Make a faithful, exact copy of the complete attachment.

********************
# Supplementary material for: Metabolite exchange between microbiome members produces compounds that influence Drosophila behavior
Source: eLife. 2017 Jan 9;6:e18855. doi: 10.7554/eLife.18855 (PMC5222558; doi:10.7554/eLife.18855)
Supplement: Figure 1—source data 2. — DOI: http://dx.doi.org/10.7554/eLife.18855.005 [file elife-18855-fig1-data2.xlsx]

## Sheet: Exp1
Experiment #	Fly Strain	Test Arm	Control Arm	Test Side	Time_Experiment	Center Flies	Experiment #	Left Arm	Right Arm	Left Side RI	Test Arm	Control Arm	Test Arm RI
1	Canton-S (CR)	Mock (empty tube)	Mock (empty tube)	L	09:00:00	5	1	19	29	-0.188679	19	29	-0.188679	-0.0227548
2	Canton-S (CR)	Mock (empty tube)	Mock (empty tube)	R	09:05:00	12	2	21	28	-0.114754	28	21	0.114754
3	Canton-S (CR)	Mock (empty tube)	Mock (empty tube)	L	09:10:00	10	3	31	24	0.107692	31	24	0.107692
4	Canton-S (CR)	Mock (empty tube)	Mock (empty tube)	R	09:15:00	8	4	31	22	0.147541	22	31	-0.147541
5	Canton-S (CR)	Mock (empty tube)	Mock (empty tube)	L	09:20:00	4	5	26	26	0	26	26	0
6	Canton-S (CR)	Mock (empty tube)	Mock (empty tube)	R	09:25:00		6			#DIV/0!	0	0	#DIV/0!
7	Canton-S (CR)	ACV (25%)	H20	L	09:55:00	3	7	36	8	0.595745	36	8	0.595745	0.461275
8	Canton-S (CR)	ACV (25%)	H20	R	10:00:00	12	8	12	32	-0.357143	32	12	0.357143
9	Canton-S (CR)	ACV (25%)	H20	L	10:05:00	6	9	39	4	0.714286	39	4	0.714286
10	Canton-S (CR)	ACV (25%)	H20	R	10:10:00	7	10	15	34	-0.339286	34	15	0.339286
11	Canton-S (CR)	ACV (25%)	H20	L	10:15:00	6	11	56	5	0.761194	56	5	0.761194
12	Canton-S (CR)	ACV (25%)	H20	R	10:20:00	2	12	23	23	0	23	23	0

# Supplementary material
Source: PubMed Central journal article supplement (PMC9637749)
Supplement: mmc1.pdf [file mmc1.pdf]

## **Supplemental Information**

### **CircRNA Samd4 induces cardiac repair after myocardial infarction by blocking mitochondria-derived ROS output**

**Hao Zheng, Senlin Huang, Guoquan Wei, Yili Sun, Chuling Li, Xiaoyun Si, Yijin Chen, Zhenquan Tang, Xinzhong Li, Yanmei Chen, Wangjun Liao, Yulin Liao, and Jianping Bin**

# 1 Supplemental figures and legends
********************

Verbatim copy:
# Supplementary material for: Metabolite exchange between microbiome members produces compounds that influence Drosophila behavior
Source: eLife. 2017 Jan 9;6:e18855. doi: 10.7554/eLife.18855 (PMC5222558; doi:10.7554/eLife.18855)
Supplement: Figure 1—source data 2. — DOI: http://dx.doi.org/10.7554/eLife.18855.005 [file elife-18855-fig1-data2.xlsx]

## Sheet: Exp1
Experiment #	Fly Strain	Test Arm	Control Arm	Test Side	Time_Experiment	Center Flies	Experiment #	Left Arm	Right Arm	Left Side RI	Test Arm	Control Arm	Test Arm RI
1	Canton-S (CR)	Mock (empty tube)	Mock (empty tube)	L	09:00:00	5	1	19	29	-0.188679	19	29	-0.188679	-0.0227548
2	Canton-S (CR)	Mock (empty tube)	Mock (empty tube)	R	09:05:00	12	2	21	28	-0.114754	28	21	0.114754
3	Canton-S (CR)	Mock (empty tube)	Mock (empty tube)	L	09:10:00	10	3	31	24	0.107692	31	24	0.107692
4	Canton-S (CR)	Mock (empty tube)	Mock (empty tube)	R	09:15:00	8	4	31	22	0.147541	22	31	-0.147541
5	Canton-S (CR)	Mock (empty tube)	Mock (empty tube)	L	09:20:00	4	5	26	26	0	26	26	0
6	Canton-S (CR)	Mock (empty tube)	Mock (empty tube)	R	09:25:00		6			#DIV/0!	0	0	#DIV/0!
7	Canton-S (CR)	ACV (25%)	H20	L	09:55:00	3	7	36	8	0.595745	36	8	0.595745	0.461275
8	Canton-S (CR)	ACV (25%)	H20	R	10:00:00	12	8	12	32	-0.357143	32	12	0.357143
9	Canton-S (CR)	ACV (25%)	H20	L	10:05:00	6	9	39	4	0.714286	39	4	0.714286
10	Canton-S (CR)	ACV (25%)	H20	R	10:10:00	7	10	15	34	-0.339286	34	15	0.339286
11	Canton-S (CR)	ACV (25%)	H20	L	10:15:00	6	11	56	5	0.761194	56	5	0.761194
12	Canton-S (CR)	ACV (25%)	H20	R	10:20:00	2	12	23	23	0	23	23	0

# Supplementary material
Source: PubMed Central journal article supplement (PMC9637749)
Supplement: mmc1.pdf [file mmc1.pdf]

## **Supplemental Information**

### **CircRNA Samd4 induces cardiac repair after myocardial infarction by blocking mitochondria-derived ROS output**

**Hao Zheng, Senlin Huang, Guoquan Wei, Yili Sun, Chuling Li, Xiaoyun Si, Yijin Chen, Zhenquan Tang, Xinzhong Li, Yanmei Chen, Wangjun Liao, Yulin Liao, and Jianping Bin**

# 1 Supplemental figures and legends